"The majority of Germans go to work even when they feel sick" (Bertelsmann Stiftung 2007). By press releases like this one, it is increasingly pointed out that economic consequences of bad health can not be valued by absenteeism only. In contrast, from a company viewpoint a reduced productivity caused by sick but present employees might be much more important. This phenomenon called presenteeism plays therefore an increasing role in workplace health promotion. Absenteeism and presenteeims are partly inversely related as presenteeism can be high where absenteeism is low.
Presenteeism is not as much a new concept but is used in different meanings. If used for economic evaluation it simply addresses consequences of illness more thoroughly by accounting for both the sickness induced absence and reduced performance. From a workplace health promotion point of view however, there is no difference as the aim should be to prevent illness in both cases.
Presenteeism sometimes is referred to as a new threat to health. Because sickness might not get cured properly when employees work while sick presenteeism could lead to a further deterioration of the health condition or even to chronic diseases. In this meaning the recommendation to fight the consequences of presenteeism would be to increase the absenteeism. However this notion can be challenged by recommendations of evidence based medicine. Increasingly medical guidelines do no longer favour bed rest or absence from work. With respect to back disorders or mental disorders e.g. it is advised to keep employees at the workplace as long as possible or enable a fast return to work. The workplace is considered an important part of the evidence based treatment of diseases and from this point of view the recommendation would be to increase presenteeism.
Besides these different understandings of presenteeism the concept is relevant for workplace health promotion because it helps to make visible that prevention is a business case for companies even when absenteeism is low (Schultz & Edington 2007).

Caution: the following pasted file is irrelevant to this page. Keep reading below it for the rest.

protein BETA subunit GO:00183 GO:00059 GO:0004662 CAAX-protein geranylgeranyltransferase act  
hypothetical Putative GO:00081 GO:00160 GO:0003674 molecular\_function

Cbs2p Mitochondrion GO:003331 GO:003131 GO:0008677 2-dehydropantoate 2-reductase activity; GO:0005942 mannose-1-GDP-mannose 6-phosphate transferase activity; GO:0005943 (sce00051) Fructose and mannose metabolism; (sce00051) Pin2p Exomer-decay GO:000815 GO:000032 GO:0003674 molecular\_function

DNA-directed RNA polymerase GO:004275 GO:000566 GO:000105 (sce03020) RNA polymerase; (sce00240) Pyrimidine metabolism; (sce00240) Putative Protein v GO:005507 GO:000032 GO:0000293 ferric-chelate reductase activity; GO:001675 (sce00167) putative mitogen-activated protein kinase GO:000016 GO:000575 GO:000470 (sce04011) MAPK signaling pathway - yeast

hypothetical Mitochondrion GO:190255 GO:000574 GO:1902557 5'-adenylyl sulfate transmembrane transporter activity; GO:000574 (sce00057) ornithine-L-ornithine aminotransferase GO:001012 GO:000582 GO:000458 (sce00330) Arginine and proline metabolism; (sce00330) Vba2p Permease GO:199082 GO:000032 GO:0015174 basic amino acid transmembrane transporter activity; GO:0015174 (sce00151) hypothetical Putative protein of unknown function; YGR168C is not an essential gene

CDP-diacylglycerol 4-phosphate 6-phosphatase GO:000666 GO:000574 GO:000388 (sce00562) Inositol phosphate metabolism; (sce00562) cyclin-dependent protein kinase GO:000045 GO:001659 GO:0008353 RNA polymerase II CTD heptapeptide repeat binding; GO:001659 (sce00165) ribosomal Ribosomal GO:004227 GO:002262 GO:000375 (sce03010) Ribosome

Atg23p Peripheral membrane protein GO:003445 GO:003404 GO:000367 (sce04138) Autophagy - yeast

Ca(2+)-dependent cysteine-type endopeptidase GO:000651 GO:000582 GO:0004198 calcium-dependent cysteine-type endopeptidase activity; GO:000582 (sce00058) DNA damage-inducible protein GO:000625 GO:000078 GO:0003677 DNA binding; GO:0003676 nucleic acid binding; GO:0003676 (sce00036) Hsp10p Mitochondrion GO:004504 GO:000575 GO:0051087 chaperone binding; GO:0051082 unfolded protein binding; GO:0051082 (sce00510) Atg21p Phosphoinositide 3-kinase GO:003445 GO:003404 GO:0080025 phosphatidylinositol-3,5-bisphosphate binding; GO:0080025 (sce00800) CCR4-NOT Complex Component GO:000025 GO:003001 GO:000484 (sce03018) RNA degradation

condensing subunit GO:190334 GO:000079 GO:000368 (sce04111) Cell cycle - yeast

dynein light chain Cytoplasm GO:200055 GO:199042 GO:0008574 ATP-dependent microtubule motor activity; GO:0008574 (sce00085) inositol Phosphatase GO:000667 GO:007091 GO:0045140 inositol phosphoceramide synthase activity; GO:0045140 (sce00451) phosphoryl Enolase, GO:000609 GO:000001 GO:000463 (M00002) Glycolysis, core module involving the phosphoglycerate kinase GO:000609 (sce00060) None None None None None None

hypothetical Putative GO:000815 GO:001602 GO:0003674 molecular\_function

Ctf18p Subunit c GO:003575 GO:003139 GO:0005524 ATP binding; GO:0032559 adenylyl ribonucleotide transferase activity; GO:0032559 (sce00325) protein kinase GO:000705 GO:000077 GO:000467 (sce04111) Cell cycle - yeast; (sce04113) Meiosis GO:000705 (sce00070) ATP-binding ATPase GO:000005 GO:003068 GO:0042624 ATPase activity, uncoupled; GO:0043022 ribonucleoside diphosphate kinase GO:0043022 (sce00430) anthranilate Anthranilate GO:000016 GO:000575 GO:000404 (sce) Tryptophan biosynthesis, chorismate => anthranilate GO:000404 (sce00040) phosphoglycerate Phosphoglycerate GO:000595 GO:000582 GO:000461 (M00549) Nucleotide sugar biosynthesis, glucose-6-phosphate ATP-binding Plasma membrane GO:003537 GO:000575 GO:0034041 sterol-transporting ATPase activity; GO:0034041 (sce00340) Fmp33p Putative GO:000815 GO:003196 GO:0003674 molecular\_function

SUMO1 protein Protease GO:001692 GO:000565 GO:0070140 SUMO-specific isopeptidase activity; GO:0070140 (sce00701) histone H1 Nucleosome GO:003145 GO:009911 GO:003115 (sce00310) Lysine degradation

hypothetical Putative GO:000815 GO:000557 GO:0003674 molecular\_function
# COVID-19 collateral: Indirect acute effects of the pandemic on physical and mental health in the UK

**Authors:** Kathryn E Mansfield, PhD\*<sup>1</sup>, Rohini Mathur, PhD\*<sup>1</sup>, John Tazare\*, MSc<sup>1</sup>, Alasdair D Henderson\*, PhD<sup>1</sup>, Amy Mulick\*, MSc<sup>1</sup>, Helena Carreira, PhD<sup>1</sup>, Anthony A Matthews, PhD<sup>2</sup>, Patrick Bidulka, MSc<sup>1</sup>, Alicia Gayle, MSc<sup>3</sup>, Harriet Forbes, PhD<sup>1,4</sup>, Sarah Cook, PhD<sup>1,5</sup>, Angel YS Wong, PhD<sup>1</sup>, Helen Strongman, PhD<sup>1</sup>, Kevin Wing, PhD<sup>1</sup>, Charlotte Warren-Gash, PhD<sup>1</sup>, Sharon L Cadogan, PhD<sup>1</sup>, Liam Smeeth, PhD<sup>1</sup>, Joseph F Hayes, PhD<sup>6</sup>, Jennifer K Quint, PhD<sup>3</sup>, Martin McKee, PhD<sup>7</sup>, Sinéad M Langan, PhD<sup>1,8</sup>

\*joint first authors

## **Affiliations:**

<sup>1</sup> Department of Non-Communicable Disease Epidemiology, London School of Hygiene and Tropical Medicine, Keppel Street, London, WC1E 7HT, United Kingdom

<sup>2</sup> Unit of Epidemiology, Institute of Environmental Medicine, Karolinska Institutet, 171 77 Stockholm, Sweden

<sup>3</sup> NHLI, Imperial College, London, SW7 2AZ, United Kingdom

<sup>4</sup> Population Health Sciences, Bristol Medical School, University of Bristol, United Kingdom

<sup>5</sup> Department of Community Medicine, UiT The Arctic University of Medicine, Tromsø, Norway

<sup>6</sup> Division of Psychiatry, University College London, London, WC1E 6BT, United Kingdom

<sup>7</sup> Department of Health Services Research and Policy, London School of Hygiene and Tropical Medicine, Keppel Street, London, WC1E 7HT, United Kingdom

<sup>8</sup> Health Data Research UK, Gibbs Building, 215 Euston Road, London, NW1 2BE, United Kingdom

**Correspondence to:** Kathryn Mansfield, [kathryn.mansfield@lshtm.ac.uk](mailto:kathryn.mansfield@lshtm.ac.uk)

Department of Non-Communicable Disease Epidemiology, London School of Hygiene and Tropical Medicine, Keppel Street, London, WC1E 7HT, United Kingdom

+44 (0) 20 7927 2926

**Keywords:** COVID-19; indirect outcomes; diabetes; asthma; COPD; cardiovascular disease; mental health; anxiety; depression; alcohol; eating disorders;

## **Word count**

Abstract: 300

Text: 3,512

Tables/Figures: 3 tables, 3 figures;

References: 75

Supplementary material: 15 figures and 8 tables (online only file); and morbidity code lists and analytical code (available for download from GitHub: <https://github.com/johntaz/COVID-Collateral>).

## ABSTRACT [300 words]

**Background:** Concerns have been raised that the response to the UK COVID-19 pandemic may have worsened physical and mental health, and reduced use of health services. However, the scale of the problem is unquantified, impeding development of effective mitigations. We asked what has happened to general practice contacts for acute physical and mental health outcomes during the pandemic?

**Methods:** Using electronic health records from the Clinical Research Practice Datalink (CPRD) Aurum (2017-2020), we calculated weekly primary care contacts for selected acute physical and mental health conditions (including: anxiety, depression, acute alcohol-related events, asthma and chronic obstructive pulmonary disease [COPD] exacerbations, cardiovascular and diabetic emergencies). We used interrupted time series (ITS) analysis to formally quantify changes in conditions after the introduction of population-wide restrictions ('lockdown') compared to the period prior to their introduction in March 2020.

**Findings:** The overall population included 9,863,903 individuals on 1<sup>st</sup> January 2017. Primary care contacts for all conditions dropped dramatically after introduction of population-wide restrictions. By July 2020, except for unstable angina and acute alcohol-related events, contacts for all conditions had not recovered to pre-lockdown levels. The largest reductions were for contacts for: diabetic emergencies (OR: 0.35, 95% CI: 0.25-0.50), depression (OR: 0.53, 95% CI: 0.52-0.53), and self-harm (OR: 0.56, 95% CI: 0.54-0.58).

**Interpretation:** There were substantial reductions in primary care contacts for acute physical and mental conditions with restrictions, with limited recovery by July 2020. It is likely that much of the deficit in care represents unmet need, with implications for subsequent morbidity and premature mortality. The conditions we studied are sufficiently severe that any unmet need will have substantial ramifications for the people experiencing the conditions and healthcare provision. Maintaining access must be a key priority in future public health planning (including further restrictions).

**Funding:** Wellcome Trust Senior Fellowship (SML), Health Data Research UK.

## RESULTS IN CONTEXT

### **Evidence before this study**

In Germany, the Initiative Health and Work (IGA) regularly conducts surveys on the attitudes of employees to their work and companies – the so-called IGA Barometer. In order to assess the magnitude of productivity losses due to health problems the Work Productivity and Activity Impairment Questionnaire (WPAI) was used as an ad hoc module to this survey (Boedeker & Huesing 2008). The WPAI is a quality approved instrument which is internationally used and available in many languages (Lofland et al. 2004). It measures the productivity losses due to absenteeism as well as to presenteeism by only five questions. The answers are standardized to a percentage scale (Reilly 2008).
In a representative sample of the German working population 27 % of the respondents suffered from a health problem at the time of the interview. 14 % of these (that is 4 % of all employees) reported absence from work during the last 7 days prior the interview whereas 59 % (14 % in total) considered their productivity reduced due to these health problems. As can be seen from the following table, companies are differently affected according to their size. Small companies suffer least from absence but are most affected by presenteeism. In general, presenteeism can be seen as a necessary complementary indicator in order to thoroughly assess the economic impacts of bad health on companies.
Table 1: Percentage of German employees affected by absence from work or reduced productivity during last 7 days prior interview
Very small (< 10 Employees)
Small (10-49 Employees)
Medium (50-249 Employees)
Large (>249 Employees)
Source: IGA Barometer 2007
Workplace Health Promotion: Is there evidence for the effectiveness and economic benefit?